Saturday, November 29, 2014

Conquering Obstacles (Part 1--An Angel)

No matter how hard a person might try, what seems like insurmountable obstacles become a way of life whether they are financial, psychological, physical, emotional, marital, behavioral, medical, or unfortunately, a combination. No two people have identical lifetime experiences, nor do they handle similar situations in the same manner; but that's what makes each of us unique.

My father was a gruff-sounding, hard-working fellow that would give the shirt off his back to a perfect stranger, or loan money to a co-worker in need even though he himself was not wealthy by any means. He was outrageously opinionated, while my mother was a soft-spoken lady who made friends easily and never had a bad word to say about anyone. Everyone loved them both dearly.

Following my father's return from World War II, they became the proud parents of a bouncing baby girl--that would be ME! Weighing in at 5 lbs., 15 oz., I grew into a giggly, naturally curly-haired toddler who was undoubtedly their pride and joy. But within a split second, the obstacle struck like lightning, not only changing my life forever, but theirs as well.

They watched over me as I lay in the hospital, stiff as a board, for the next six weeks, while the doctors resonated to them the fact that I would never walk again. The befuddled doctors didn't know what to do--it was an epidemic--with no cure. Every case appeared to be different, but in my case after six weeks with still no change, they gave no hope. My mother reiterated to them, "You are WRONG! She WILL walk again!"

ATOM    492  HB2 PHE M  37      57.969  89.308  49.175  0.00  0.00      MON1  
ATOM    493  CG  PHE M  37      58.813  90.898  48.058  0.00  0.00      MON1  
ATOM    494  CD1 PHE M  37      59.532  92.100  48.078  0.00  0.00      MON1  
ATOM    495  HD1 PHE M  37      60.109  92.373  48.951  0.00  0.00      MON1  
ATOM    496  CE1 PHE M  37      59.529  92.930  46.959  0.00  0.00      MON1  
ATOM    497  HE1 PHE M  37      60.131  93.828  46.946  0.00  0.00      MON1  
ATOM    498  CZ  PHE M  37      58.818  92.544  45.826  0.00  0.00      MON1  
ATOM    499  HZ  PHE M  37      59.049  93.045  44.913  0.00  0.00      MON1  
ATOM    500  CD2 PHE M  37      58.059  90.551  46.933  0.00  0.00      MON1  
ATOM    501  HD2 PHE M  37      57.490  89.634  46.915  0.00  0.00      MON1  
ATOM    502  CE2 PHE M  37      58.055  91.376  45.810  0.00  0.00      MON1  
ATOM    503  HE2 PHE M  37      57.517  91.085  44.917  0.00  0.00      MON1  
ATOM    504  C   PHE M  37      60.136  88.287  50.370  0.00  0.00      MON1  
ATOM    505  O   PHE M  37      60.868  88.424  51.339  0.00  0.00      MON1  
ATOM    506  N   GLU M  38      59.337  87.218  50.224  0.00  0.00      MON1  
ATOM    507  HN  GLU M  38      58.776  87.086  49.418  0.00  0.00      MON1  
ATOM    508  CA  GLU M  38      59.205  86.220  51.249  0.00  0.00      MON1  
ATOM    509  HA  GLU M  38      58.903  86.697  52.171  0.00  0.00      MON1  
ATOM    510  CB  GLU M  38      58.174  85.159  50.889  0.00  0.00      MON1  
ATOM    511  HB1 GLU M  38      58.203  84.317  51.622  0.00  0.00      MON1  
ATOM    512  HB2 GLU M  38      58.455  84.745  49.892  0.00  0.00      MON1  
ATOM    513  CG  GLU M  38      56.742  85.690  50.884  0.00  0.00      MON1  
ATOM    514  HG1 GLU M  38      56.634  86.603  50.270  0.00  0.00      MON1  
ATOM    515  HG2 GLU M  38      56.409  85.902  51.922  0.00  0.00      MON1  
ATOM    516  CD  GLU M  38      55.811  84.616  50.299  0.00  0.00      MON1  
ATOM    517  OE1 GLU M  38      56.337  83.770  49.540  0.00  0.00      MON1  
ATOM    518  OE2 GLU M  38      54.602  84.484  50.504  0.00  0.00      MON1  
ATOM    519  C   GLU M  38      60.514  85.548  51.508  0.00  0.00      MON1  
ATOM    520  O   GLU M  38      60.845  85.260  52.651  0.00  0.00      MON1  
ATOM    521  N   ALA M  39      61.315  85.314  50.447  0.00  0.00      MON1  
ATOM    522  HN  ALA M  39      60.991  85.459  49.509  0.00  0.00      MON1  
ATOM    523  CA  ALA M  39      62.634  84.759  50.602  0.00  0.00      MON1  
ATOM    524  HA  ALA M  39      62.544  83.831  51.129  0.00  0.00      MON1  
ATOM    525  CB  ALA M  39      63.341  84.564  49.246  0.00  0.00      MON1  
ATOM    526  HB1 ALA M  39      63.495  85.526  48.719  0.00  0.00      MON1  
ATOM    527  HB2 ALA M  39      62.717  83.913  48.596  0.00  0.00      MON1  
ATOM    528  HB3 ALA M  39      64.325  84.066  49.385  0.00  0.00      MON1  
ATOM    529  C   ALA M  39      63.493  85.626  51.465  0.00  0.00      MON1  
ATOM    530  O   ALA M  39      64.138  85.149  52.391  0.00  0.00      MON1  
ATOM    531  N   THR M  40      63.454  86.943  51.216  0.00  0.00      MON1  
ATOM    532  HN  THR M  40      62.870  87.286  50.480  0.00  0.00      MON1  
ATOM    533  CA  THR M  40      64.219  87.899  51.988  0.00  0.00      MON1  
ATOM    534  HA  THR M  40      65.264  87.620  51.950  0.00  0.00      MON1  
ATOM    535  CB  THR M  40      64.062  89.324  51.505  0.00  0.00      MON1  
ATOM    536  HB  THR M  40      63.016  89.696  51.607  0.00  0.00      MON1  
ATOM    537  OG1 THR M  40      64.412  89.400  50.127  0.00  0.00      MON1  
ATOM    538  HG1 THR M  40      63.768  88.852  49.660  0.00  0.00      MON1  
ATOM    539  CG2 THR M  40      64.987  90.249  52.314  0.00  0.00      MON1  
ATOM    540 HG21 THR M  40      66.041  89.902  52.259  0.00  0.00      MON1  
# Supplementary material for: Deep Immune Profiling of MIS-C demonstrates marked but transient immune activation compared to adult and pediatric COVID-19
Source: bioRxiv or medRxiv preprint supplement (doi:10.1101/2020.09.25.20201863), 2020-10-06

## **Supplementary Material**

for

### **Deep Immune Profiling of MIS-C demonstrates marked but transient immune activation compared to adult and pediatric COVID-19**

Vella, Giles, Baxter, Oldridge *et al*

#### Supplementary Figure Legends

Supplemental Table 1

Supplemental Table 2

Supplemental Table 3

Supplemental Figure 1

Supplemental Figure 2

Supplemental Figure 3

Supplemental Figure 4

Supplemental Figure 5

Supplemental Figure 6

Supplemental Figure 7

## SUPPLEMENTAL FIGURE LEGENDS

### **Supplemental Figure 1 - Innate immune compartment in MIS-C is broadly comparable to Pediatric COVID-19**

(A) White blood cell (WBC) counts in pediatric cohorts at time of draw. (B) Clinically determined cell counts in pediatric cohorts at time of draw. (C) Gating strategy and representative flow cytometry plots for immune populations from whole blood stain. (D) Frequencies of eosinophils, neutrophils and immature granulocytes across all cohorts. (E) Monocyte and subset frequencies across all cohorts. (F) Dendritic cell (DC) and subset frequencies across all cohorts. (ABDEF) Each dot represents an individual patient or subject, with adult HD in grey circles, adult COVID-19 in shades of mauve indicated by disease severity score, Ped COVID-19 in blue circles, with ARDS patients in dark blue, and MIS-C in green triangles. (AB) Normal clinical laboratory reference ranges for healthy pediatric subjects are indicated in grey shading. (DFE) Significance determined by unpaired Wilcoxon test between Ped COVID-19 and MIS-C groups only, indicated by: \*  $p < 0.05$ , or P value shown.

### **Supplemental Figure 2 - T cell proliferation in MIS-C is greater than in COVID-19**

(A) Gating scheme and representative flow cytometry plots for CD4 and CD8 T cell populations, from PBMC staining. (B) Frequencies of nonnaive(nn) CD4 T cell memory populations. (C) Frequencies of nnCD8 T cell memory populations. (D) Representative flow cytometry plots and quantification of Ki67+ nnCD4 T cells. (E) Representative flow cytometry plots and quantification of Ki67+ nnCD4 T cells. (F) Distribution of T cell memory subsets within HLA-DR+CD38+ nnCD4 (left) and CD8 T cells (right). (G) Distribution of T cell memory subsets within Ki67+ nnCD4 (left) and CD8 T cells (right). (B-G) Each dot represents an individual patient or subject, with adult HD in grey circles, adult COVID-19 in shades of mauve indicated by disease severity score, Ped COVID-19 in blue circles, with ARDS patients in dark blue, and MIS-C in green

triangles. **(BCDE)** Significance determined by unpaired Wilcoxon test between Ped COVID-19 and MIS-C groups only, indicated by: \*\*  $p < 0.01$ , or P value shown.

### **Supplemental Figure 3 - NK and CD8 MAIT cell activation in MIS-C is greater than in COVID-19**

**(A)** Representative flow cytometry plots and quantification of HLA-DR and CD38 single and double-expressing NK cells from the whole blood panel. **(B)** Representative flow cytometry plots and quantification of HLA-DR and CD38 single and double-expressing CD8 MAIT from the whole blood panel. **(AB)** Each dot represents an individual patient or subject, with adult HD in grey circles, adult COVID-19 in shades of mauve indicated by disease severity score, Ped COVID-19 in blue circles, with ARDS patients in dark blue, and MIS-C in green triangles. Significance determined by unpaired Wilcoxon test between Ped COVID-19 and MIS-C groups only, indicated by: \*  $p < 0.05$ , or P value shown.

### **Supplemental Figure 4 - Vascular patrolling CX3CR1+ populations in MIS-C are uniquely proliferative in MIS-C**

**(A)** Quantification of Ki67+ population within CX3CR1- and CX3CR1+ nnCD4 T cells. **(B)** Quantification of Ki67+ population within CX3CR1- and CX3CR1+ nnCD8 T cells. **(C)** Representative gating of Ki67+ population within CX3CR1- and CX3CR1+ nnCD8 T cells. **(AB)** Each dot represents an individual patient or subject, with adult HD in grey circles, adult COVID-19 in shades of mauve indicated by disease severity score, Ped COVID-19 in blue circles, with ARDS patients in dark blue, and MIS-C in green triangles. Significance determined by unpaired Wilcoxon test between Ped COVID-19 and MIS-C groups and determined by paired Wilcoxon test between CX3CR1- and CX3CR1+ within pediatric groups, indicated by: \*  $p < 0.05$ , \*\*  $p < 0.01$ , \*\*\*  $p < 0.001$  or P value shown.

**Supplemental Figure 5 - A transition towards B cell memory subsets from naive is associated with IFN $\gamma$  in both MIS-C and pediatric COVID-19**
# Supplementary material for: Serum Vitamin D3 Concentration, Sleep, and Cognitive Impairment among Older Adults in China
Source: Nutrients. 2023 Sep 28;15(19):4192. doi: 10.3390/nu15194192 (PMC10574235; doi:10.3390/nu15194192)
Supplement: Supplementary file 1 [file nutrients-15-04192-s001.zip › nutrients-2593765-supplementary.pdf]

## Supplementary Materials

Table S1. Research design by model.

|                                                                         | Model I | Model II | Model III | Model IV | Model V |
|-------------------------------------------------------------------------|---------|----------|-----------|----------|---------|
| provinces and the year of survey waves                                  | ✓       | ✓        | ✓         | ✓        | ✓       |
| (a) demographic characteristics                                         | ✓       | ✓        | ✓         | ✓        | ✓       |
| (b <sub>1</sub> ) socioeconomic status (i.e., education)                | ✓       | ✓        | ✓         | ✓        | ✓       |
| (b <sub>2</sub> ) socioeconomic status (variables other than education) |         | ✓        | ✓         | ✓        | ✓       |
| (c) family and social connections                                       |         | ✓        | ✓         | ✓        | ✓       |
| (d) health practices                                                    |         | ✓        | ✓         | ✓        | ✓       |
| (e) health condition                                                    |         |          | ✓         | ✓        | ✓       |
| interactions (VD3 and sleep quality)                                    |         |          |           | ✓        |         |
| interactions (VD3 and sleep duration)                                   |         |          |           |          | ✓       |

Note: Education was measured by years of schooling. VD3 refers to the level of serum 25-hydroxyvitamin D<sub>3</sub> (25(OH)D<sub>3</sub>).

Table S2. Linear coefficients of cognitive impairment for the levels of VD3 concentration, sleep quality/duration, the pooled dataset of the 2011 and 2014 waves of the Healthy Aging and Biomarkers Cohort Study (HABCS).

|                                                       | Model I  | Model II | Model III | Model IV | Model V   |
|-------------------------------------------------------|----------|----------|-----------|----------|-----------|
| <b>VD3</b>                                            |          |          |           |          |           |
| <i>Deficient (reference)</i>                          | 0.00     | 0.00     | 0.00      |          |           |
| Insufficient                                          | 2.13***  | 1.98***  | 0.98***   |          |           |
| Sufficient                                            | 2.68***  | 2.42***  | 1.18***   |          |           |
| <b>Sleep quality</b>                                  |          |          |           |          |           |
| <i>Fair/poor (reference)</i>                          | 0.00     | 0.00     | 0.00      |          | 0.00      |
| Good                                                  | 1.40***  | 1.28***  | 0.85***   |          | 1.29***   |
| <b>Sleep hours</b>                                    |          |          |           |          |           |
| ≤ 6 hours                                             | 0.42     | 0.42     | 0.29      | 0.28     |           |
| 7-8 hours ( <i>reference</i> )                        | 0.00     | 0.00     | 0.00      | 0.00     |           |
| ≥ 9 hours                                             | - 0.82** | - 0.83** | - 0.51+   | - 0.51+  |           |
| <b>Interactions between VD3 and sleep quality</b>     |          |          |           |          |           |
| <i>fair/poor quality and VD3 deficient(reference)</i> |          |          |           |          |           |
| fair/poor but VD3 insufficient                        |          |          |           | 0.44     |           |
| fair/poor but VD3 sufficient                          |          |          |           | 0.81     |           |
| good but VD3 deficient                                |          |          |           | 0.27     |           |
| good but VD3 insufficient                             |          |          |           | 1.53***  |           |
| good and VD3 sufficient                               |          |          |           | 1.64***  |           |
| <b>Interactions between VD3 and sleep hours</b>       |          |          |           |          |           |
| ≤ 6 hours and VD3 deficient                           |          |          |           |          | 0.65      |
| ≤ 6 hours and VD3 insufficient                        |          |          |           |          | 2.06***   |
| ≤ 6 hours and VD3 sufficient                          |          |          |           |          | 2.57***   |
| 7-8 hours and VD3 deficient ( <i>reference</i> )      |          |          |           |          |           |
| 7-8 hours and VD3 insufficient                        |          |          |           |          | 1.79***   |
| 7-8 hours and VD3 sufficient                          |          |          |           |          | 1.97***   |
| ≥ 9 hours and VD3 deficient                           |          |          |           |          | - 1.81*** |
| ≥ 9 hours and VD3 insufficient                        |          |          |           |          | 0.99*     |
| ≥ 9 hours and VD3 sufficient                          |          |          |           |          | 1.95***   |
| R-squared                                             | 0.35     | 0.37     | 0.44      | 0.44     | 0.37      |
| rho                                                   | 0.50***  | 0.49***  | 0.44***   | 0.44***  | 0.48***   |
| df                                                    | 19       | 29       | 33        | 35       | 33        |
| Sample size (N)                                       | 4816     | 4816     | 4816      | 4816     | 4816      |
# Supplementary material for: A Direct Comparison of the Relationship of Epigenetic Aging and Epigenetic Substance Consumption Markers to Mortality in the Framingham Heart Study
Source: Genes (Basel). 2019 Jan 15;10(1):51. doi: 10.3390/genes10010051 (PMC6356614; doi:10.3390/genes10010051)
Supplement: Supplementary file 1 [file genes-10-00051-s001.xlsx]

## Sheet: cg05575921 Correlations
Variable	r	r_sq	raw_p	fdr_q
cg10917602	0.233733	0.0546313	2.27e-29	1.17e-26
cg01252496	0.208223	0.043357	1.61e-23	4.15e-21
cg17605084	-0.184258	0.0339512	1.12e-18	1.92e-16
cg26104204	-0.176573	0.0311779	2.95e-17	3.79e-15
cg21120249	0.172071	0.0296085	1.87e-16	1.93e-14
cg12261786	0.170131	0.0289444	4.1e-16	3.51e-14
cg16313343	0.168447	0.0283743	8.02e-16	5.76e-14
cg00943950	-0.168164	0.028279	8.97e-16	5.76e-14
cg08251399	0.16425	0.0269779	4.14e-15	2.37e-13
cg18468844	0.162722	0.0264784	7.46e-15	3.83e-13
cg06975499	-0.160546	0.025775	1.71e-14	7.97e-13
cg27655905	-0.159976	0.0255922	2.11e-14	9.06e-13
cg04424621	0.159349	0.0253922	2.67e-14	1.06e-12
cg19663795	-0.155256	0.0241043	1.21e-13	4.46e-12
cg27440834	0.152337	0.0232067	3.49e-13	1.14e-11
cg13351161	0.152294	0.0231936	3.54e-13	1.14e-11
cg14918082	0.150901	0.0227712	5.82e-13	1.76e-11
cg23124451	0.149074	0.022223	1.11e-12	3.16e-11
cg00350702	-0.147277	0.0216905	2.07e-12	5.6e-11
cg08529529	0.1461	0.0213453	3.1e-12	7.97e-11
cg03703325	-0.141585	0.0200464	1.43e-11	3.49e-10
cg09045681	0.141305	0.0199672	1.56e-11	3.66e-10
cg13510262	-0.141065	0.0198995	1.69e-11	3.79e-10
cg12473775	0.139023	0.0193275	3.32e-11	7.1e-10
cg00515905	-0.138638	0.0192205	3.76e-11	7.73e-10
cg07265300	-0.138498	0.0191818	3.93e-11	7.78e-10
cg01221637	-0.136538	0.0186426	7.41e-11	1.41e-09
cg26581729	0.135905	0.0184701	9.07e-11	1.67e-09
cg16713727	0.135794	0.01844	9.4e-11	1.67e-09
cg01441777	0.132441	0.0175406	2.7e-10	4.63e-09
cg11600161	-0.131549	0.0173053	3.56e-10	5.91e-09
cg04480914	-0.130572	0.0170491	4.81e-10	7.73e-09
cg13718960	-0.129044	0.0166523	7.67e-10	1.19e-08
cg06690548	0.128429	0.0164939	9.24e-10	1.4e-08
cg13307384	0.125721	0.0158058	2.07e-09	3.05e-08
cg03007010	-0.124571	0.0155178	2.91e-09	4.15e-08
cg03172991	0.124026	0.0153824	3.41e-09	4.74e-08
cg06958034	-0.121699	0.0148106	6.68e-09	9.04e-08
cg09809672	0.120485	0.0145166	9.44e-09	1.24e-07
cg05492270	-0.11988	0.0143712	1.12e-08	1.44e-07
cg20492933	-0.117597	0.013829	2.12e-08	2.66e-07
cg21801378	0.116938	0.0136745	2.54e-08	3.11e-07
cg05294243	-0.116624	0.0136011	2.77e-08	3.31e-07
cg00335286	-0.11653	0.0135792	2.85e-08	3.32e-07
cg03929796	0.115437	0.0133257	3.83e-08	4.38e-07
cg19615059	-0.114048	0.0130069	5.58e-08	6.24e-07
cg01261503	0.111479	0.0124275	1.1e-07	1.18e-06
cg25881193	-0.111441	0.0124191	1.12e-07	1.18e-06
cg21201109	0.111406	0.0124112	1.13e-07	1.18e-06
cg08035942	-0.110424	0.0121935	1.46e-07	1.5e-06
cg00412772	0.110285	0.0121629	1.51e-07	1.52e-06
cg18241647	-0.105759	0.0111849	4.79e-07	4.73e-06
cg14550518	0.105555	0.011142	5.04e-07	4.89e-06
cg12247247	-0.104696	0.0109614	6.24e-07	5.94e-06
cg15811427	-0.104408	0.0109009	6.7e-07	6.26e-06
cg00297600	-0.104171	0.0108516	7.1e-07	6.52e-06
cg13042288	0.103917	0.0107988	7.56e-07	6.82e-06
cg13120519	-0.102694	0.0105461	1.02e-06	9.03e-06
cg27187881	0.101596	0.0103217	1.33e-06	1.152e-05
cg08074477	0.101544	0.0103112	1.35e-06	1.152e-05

The next several years of my life are like pages ripped from a best-selling novel. What happened during those years, I still didn't know except what I learned from a small number of photographs that my mother didn't share with me until years later. All she ever told me was that I had to learn to walk again...
I always thought that my parents were in some sort of denial because my illness was something that was NEVER mentioned. It was as though I was like every other "normal" toddler, but now I know why.
Six months before my father passed away , he told me the story of how one night he was tucking me into bed, when he looked up and saw an angel over me. He knew then that everything was going to be okay. God was watching over me.
To be continued...


  1. Cute pics! Jason looked just like you when he was young! I love your stories!

  2. Am starting way back at beginning.. where one is supposed to start. Am so glad I met you Arlinda.

  3. Great blog, thanks for sharing.

  4. Thanks for sharing. I have similar stories, but differnet settings. I know the feelings & emotions & obsticles you have experienced. Now we have to deal with these new symptoms of PPS. We will survive, because we have learned how through the yrs.